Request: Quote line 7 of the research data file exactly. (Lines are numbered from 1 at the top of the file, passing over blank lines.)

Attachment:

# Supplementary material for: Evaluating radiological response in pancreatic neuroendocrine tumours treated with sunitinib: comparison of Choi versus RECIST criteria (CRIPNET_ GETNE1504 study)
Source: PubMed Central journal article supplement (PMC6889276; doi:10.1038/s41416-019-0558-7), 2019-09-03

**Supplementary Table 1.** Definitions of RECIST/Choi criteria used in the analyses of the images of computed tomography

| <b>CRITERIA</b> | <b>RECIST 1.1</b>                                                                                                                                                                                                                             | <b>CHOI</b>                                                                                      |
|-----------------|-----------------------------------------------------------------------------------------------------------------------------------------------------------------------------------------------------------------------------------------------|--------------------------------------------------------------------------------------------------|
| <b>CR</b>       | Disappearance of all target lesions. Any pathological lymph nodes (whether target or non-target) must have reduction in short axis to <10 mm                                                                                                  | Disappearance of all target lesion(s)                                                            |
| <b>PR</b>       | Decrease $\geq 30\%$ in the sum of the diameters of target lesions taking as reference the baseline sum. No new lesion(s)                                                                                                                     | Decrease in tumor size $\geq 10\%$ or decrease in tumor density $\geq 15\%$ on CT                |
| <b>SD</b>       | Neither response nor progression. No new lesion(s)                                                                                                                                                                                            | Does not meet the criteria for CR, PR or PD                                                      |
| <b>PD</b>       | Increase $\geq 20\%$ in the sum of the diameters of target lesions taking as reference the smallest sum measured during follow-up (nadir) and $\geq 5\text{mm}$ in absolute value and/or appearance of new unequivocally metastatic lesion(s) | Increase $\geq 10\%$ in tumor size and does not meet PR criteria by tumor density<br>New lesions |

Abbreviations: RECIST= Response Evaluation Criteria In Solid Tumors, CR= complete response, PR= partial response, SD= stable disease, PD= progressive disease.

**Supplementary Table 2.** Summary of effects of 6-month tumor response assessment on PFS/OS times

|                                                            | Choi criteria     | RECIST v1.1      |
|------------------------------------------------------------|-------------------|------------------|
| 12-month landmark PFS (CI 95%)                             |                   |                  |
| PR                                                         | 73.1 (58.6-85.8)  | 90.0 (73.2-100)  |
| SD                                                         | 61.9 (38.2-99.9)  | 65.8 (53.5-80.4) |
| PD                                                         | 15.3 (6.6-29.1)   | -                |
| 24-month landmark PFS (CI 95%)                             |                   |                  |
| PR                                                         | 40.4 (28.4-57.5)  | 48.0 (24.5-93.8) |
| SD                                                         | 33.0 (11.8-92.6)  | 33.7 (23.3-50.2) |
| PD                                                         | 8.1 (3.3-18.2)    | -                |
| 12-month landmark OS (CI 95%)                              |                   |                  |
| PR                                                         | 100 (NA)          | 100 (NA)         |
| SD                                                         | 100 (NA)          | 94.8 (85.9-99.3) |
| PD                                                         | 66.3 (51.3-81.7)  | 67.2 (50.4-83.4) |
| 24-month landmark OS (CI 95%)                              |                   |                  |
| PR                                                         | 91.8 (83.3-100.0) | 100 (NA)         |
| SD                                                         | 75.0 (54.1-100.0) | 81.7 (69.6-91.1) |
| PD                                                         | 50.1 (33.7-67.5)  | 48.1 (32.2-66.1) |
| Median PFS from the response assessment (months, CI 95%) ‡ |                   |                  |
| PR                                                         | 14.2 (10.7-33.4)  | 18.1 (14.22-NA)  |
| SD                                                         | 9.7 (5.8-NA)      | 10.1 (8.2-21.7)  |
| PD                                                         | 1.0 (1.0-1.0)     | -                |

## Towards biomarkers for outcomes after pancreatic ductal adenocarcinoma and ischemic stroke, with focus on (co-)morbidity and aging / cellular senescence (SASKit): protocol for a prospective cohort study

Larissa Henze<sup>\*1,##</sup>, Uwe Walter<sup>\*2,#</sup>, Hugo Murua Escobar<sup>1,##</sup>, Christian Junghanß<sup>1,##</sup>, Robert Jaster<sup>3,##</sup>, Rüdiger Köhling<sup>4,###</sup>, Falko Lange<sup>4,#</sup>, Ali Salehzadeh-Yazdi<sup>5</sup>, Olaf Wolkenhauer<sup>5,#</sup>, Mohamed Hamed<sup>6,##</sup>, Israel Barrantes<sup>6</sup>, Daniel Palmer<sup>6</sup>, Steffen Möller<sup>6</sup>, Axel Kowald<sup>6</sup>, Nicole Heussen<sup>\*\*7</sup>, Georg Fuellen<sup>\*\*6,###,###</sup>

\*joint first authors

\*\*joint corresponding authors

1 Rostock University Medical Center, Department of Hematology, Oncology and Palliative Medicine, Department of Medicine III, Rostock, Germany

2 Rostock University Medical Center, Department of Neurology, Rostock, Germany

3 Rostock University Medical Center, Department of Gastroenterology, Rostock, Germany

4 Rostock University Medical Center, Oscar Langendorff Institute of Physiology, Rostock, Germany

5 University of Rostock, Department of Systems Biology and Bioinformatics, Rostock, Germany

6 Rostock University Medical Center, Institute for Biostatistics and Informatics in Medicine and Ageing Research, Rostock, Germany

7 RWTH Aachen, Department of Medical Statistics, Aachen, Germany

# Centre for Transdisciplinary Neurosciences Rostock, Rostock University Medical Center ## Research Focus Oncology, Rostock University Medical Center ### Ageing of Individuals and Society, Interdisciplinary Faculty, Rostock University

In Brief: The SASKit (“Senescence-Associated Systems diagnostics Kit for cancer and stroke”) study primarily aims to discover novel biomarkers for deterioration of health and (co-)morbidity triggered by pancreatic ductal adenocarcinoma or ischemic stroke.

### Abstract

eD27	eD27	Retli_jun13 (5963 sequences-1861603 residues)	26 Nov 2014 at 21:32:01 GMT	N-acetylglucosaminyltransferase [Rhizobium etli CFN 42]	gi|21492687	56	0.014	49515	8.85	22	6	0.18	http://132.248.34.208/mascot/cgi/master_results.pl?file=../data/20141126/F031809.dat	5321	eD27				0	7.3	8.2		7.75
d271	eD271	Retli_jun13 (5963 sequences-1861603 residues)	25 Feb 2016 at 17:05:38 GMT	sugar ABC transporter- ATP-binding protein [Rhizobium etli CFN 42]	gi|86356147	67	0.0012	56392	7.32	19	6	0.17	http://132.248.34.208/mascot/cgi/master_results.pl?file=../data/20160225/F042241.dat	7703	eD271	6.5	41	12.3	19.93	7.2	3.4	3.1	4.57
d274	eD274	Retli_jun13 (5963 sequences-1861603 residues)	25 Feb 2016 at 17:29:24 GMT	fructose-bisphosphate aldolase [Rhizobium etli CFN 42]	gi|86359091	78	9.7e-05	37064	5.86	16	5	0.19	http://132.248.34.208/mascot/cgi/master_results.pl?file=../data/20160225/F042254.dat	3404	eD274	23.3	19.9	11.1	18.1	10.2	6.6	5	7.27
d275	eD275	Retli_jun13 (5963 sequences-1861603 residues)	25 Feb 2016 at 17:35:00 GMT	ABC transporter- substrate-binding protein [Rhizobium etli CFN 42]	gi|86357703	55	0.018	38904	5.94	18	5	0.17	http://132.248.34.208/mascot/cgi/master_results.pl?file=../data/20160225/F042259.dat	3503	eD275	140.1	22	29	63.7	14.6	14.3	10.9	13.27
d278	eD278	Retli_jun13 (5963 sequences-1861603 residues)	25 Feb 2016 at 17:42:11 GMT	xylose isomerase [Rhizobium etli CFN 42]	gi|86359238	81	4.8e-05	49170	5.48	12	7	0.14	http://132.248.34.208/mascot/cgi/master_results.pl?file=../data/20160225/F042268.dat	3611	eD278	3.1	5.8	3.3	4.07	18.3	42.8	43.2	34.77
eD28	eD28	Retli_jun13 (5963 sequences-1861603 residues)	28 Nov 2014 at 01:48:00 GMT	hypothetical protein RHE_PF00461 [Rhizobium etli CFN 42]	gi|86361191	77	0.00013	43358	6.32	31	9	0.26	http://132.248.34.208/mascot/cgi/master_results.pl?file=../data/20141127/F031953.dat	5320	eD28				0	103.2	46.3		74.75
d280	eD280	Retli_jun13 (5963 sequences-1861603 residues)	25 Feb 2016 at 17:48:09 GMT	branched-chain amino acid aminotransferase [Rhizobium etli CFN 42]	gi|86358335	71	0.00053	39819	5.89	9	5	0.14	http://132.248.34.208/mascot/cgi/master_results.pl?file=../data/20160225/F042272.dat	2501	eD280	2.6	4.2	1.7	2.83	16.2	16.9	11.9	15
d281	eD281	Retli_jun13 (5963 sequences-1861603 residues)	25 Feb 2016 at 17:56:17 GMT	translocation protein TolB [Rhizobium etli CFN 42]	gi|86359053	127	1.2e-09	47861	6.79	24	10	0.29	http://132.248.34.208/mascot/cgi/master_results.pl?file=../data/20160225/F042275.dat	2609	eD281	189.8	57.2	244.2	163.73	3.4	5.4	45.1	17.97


| <b>PR</b>       | Decrease $\geq 30\%$ in the sum of the diameters of target lesions taking as reference the baseline sum. No new lesion(s)                                                                                                                     | Decrease in tumor size $\geq 10\%$ or decrease in tumor density $\geq 15\%$ on CT                |